Liddick: The mistrust rodeo |

Liddick: The mistrust rodeo

by Morgan Liddick

Colorado’s Secretary of State in the dunk tank … and the president promising to “help more people refinance their mortgages” last Thursday. A single element connects these events, seemingly worlds apart; an element that tells us much about why government today is so difficult, and is held in such low esteem.

That element is trust. Or more exactly, the lack thereof.

Secretary of State Scott Gessler, whose office fined the Larimer County Republican Party for campaign finance violations, will be dunked at a party fundraiser whose purpose is to raise money to pay the fine. Although this is not illegal, it is … unusual. And it does nothing to enhance the public’s trust in an office charged with supervising Colorado’s elections. It’s almost as suspicious as a county clerk, re-elected in a Chicago-style “turnaround,” fighting tooth and nail to prevent a public review of the ballots involved.

As for President Obama, promising a major government mortgage refinancing effort that most people following these issues say has almost no chance of coming to pass – not because of Congress, but because of new regulations and tighter lending standards – only adds to the burden of unfulfilled grandiose promises dragging his administration down like a lead life preserver.

Why did the election of 2010 go as it did? Because a very large number of Americans chose not to trust their leaders. In fact, if the challengers had not been so idiosyncratic, results would have been even more lopsided. Why does this freshman class have little to fear in 2012? Because they are a novelty: they did in Washington exactly as they promised they would. And it is a measure of the depths to which we have sunk that politicians who do not immediately abandon their stated principles upon taking office are demonized as “terrorists.”

Trust and honesty are the very foundations and fuel of our republic; when these are in short supply we suffer, individually and as a whole. At the moment, the gauges for both are near zero, as political calculation trumps the national interest.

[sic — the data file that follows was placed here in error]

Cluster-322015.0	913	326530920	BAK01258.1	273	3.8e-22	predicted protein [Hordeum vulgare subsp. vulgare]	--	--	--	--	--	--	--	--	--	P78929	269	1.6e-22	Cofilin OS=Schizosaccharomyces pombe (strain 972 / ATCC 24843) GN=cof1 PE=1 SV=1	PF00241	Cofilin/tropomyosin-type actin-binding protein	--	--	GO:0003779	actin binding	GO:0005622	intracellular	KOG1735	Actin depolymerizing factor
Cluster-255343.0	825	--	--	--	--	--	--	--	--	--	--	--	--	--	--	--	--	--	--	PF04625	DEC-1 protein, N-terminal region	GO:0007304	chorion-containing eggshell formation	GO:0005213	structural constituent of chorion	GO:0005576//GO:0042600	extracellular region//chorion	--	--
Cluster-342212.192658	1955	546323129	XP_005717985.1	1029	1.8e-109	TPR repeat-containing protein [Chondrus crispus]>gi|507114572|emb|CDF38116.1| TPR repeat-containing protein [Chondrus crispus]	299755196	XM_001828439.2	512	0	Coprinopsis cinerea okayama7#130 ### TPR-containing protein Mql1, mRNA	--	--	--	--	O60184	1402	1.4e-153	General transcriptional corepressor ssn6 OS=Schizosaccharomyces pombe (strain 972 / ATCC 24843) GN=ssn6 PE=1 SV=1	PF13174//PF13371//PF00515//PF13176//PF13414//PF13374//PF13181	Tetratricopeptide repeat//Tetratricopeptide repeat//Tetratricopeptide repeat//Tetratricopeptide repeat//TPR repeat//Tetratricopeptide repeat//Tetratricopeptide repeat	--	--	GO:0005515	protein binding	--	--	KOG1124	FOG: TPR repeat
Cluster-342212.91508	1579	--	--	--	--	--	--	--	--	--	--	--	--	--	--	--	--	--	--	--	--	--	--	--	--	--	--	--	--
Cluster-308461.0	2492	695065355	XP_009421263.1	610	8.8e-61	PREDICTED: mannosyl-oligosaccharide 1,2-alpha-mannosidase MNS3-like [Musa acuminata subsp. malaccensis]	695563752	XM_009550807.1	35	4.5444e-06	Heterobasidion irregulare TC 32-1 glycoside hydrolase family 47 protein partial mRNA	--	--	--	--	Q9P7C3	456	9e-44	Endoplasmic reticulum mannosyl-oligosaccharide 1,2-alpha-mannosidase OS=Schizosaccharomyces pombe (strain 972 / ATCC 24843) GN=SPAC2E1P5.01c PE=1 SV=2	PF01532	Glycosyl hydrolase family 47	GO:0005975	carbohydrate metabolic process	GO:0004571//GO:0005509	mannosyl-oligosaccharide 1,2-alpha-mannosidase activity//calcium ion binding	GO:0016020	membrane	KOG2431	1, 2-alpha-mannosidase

The good news is, this is not our first time at the mistrust rodeo. Whether we look at the disagreements between Federalists and Democratic-Republicans in the 1790s, between Democrats and Republicans in the 1860s and ’70s, or between the anti-war movement and administrations of both parties in the late 1960s and early 1970s, the fundamental problem is clear: Both sides see the other as working to pitch the nation over a cliff in service to parochial aims.

We also know from our history that crises of confidence have fixes that begin when we speak honestly about our situation. Which is the bad news, because many in our present political class seem unable or unwilling to do this.

Reform of our tax code is necessary. When filling out a small business return takes half a week’s work and degrees in accounting, logic, English for special purposes and quantum theory, it’s too complex (I just threw in quantum theory, but it seems very useful in explaining declining deductibles …). Yes, reform means taxes will rise for some people: requiring 10 percent of earners to pay 60 percent of all income taxes, while almost 50 percent of wage-earners pay none, is a recipe for disaster, economic and political. In the interest of equity alone, everyone should pay something. And yes, if you earn more you should pay more. Within reason.

Cutting the size of government and reducing mandatory spending is a must. In the past two years we have exceeded our historical average tax capacity by about 30 percent, but we still must borrow 40 cents of every dollar we spend. This is unsustainable. Even Zippy the Monkey can see this. That even one of our political class pretends it isn’t simply adds to the level of distrust of government.

There are alternatives to the United States, so we have to be competitive. If our educational system spews out a generation of self-entitled, poorly educated workers, jobs will go instead to highly motivated and educated Germans and Indians, whose countries will reap the benefits. If we indebt ourselves to our eyeballs because we don’t feel like paying the bills we incur, money will flow elsewhere. Ask Greece how that worked out.

So to get out of the hole we’ve dug is going to take hard work and sacrifice. From everyone. And no – there’s no easy way to do this. But we Americans specialize in the difficult. We invented the nuclear reactor. The personal computer. We made travel by jet aircraft commercially viable. Our robot vehicles roam Mars. We put men on the moon, for God’s sake. There’s no doubt we can solve our debt problem, if only we trust each other enough to do it.

Dunk tank, anyone?

Summit County resident Morgan Liddick pens a Tuesday column. E-mail him at

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